What is a Battery?
A battery called an electrical battery or accumulator is made up of electrochemical cells capable of converting chemical energy into electrical energy. Thus, batteries generate direct current and, in this way, serve to power different electrical circuits, depending on their size and power.
Batteries fully incorporate into our daily lives since their invention in the 19th century and their massive commercialization in the 20th. The development of batteries goes hand in hand with the technological advancement of electronics.
Remote controls, watches, computers of all kinds, cell phones, and a vast group of new devices use batteries as a source of electrical power, so they manufacture with different abilities.
How does a Battery Work?
The fundamental principle of a battery consists of the oxidation-reduction ( redox ) reactions of certain chemical substances, one of which loses electrons (oxidizes).
While the other gains electrons (reduces), being able to return to its initial configuration given the Necessary conditions: application of electricity (charging) or closing of the circuit (discharge).
Batteries contain chemical cells that have a positive pole (anode) and a negative pole (cathode) and electrolytes that allow electrical flow to the outside. These cells convert chemical energy into electrical energy through a reversible or irreversible process, depending on the type of battery, which, once complete, depletes its capacity to receive power. In this, two types of cells are distinguished:
- Once the reaction has occurred, those cannot return to their original state, thus depleting their ability to store electrical current. They are also called non-rechargeable batteries.
- Those who can receive electrical energy to restore their original chemical composition and can use it numerous times before being completely exhausted. They also call rechargeable batteries.
Types of Battery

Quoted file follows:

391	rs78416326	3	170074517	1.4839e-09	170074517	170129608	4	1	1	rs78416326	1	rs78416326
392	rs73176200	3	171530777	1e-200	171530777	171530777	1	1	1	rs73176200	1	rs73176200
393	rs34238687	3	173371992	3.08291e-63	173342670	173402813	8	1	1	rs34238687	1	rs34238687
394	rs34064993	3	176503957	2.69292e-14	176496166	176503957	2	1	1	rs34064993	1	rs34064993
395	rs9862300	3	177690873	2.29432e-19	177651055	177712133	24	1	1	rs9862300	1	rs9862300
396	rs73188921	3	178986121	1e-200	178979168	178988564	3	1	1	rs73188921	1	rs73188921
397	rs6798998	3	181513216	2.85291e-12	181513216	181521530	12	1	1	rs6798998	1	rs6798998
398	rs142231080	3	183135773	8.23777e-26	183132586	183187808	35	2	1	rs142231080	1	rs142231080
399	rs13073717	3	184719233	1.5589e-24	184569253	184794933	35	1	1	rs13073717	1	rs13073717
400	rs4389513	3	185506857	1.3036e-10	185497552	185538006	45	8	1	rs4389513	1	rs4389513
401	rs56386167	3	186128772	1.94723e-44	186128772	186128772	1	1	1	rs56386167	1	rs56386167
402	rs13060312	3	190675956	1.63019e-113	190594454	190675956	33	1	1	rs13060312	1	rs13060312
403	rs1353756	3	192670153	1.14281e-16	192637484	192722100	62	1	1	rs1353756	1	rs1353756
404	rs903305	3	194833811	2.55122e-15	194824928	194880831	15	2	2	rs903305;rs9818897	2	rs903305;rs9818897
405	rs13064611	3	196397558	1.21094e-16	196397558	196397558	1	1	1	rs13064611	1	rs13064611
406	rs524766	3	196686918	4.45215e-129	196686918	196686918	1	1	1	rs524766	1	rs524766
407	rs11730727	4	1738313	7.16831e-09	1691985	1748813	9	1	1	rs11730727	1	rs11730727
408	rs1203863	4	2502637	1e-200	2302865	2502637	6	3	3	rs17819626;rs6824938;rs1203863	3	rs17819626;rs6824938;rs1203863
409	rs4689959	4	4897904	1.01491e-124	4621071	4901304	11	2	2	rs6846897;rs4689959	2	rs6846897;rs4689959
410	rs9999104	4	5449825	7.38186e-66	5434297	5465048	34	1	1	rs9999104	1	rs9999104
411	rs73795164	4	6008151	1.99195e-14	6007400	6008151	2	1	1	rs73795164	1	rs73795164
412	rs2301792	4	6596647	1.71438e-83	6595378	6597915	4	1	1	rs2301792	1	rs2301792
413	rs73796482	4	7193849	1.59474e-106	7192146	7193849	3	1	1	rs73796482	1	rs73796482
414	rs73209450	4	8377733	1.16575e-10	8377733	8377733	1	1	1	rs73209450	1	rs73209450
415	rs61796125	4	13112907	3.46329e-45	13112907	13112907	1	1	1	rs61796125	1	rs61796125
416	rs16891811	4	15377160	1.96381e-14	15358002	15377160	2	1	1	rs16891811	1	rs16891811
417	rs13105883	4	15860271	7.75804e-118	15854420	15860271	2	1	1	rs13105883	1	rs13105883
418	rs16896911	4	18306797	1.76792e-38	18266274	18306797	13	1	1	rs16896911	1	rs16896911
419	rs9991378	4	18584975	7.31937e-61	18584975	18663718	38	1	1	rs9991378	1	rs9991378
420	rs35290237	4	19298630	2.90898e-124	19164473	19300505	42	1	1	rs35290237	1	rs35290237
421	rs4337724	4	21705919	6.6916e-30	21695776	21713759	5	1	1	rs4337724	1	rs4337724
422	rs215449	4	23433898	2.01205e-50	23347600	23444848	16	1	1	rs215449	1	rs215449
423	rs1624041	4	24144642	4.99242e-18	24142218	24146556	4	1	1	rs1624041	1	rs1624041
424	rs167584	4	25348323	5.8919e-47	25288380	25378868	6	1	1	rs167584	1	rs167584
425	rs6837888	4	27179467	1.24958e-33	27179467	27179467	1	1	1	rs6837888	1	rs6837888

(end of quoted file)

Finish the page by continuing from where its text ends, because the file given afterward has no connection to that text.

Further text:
There are many types of batteries, depending on the elements used in their manufacture, such as:
1. Alkaline Batteries
- Commonly disposable. They use potassium hydroxide (KOH) as the electrolyte. The chemical reaction that produces energy occurs between zinc (Zn, anode) and manganese dioxide (MnO 2, cathode). They are incredibly long-lasting batteries but short-lived.
2. Lead Acid Batteries
- Common in vehicles and motorcycles. When charged, they are rechargeable batteries with two lead electrodes: a lead dioxide cathode (PbO 2 ) and a porous lead anode (Pb).
- The electrolyte used is sulfuric acid (H 2 SO 4 ) in an aqueous solution. On the other hand, when the battery discharge, lead in the form of lead (II) sulfate (PbSO 4 ) deposited on metallic lead (Pb).
- Then, during the initial charge, the PbSO 4 reduces Pb on the negative plates and PbO 2 form on the positives. In this process, lead oxidize and relieved at the same time.
- On the other hand, PbO 2 reduce during discharge to PbSO 4, and Pb is also oxidized to produce PbSO 4.
- These two processes can repeat cyclically until the PbSO 4 crystals become too large to lose chemical reactivity. This is the case where it colloquially says that the battery has been sulfated and must replace with a new one.
3. Nickel Batteries
Meagre cost but terrible performance, they are some of the first to manufacture in history. In turn, they gave rise to new batteries such as: